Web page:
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Lucky Ollie

Who knows where Ollie came from -- in any case, he ended up in the hands of people who intended to get rich with emus. Somehow, they also ended up with Ollie. When the unscrupulous, money-hungry owners (who were later convicted for drowning their children -- no kidding!) moved, Ollie and the emus temporarily stayed behind. The new house owners agreed to take Ollie in payment for taking care of the emus. But they hoped to sell Ollie and, funny thing, nobody seems to want untrained llamas in this area.

A year went by and Ollie's paddock was eaten down and grew only mud. He was provided hay and a tarp for shelter, but he had no other animals to keep him company. We were called to trim his toenails and deworm him. Upon our arrival, we found that one of the couples' parents would be taking Ollie that afternoon to live with his sheep. We pried Ollie's matted tail away from his matted legs and informed them that putting an intact male llama with sheep would likely result in dead and injured ewes. To make a long story short, Ollie was delivered to our house that day instead.

Ollie's coat was a disgusting, matted, felted, smelly mess. His incisors were badly overgrown, a combination of neglect and a genetic trait typically found in alpacas. And he had a full set of very sharp fighting teeth. We made a vet appointment right away.

After Ollie's castration, we turned him out into a small paddock with two other llamas. Ollie proved to be a scrapper, and it took nigh unto two months before screaming and slamming matches were the exception rather than the rule. This is a common problem with male llamas who have skipped the teenage stage of their llama socialization, and the only successful way to deal with it is to let them make up for lost time and learn that they really aren't unchallenged kings of the world.

Ollie's coat was in such bad condition that we had no choice but to shear, and shear we did -- as soon as the April showers seemed to warm up a bit. After some assessment, we found that Ollie had very little rehab to work through, although his prior training had some gaps in it. We discovered that he liked children, walks, and obstacles. The following spring, Ollie went to a small schooling show.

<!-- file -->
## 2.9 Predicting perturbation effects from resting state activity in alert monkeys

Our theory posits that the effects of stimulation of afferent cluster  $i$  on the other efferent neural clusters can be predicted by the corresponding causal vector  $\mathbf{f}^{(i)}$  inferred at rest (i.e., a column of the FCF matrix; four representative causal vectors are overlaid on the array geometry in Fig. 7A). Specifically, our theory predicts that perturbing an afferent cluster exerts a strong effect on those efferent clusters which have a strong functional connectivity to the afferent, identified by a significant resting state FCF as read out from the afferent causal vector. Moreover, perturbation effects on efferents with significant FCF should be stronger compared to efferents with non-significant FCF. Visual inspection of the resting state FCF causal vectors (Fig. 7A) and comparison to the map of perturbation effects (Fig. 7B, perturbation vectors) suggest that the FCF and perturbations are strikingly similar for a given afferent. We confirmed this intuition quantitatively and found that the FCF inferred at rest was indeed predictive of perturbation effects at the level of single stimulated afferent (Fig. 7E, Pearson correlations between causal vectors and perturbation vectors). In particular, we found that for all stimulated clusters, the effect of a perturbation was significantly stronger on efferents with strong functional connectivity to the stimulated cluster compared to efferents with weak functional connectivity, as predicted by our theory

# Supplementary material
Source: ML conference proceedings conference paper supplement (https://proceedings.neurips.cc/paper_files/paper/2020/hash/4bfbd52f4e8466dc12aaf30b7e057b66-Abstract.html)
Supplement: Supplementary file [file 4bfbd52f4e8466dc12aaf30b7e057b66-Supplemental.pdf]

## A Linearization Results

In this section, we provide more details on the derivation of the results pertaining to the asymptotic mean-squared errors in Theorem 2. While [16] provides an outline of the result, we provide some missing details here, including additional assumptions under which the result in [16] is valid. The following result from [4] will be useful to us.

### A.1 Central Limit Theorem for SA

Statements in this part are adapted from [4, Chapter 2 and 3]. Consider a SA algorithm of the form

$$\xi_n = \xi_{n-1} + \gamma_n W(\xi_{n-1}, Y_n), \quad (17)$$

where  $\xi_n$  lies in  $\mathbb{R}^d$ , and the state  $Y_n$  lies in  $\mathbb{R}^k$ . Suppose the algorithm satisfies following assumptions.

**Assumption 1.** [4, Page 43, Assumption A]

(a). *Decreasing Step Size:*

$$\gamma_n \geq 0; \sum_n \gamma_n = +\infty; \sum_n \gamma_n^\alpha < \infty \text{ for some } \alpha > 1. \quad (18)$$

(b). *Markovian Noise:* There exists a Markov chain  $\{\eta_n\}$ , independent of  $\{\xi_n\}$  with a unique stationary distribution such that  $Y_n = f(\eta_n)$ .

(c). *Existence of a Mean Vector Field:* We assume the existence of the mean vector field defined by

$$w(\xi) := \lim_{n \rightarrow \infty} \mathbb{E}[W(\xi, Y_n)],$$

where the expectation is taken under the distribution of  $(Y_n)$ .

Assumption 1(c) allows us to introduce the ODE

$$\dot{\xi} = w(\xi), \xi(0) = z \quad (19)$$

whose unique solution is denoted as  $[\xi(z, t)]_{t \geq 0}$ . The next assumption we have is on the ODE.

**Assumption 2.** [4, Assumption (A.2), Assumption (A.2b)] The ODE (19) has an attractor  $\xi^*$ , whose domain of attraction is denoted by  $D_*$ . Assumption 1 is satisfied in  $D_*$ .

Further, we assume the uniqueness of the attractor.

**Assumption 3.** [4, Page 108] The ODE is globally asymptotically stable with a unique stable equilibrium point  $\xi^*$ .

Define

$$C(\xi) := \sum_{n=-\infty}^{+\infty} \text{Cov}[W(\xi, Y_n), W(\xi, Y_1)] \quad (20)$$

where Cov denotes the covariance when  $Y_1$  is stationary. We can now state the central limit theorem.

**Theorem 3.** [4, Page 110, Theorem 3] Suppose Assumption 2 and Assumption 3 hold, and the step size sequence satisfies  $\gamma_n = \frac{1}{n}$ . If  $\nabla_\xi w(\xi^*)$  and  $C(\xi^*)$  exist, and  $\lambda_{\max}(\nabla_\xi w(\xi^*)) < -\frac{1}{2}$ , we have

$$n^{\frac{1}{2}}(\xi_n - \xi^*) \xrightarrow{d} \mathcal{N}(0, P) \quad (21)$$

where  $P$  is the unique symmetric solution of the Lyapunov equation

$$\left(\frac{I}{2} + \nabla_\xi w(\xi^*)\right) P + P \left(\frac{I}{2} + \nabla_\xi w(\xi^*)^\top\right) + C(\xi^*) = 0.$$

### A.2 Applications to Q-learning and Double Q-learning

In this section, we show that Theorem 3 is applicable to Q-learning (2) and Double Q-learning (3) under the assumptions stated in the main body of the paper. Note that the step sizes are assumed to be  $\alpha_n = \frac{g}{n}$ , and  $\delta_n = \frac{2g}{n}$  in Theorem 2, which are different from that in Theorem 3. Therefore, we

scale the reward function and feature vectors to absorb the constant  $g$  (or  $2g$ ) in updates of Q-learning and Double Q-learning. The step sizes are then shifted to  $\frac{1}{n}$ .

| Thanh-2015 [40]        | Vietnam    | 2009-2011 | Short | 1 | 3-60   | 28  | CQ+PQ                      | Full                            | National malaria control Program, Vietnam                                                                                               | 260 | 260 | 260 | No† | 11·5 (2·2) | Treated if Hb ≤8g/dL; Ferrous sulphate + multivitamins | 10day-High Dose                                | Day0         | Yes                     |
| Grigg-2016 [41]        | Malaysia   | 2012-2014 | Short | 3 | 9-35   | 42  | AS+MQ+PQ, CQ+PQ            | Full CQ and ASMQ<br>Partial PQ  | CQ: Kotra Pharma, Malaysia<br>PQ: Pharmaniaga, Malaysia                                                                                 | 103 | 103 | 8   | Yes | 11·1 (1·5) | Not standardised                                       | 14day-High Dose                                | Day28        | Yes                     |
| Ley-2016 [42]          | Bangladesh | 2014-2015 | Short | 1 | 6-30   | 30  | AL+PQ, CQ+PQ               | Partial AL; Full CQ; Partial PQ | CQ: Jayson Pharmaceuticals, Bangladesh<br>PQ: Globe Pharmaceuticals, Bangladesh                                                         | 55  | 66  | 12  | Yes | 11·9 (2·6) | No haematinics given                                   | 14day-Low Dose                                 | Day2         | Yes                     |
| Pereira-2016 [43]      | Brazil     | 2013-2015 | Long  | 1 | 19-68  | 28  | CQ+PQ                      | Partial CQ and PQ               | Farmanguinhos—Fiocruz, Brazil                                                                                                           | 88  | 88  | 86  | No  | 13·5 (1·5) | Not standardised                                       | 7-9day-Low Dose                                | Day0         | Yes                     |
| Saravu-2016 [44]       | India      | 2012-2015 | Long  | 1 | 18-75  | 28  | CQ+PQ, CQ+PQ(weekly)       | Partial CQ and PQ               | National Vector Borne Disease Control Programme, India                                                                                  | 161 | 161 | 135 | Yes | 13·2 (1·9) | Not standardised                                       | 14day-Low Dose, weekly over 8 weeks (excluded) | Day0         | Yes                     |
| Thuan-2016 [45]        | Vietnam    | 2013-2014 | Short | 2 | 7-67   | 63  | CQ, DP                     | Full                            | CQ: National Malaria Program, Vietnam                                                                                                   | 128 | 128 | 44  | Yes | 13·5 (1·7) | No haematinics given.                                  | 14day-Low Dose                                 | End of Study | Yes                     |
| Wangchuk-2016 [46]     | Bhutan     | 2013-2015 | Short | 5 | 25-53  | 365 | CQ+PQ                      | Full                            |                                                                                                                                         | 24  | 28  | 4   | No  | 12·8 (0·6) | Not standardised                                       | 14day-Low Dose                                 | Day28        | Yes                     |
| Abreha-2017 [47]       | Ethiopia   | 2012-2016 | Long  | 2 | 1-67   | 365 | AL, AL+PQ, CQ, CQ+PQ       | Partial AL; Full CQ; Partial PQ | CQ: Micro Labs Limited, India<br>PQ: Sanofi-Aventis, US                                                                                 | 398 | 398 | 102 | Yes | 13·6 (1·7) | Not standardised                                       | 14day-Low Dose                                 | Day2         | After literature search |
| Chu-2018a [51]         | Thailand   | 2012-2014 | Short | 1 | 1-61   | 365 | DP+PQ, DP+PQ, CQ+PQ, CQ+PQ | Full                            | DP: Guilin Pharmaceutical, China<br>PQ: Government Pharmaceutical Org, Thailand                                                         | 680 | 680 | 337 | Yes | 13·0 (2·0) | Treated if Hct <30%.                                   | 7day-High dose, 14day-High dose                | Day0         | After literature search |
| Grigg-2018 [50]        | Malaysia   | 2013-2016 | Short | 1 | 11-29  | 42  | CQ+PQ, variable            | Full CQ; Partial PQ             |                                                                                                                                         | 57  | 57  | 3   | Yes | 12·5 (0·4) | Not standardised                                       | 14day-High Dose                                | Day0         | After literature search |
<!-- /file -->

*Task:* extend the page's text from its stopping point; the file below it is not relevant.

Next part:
Ollie quickly caught on that performance classes can be a lot of fun. His happy demeanor attracted a lot of attention and one of the onlookers was considering getting a third llama. That summer, Ollie worked with his future owner and really became attached to her. The pair accompanied Waldo and Gwen to the Josephine County Fair, and Ollie even brought home a few ribbons. Soon afterwards, Ollie went to join his chosen human and her two llamas -- just a few miles down the road where we can see them as we drive to and from work.

Ollie enjoys his new home and pasturemates, and especially the extra attention. He also still likes the occasional visit from his friend Gwen, judging by the monster hugs he bestows on her. In June of 1997, Ollie competed in his first ALSA show at Redmond, OR, where he thoroughly enjoyed himself and also earned Reserve Champion Novice Performance Llama. Hooray for Ollie!

Lucky Ollie before . . . . . . . .................... . . and after ! ....................................

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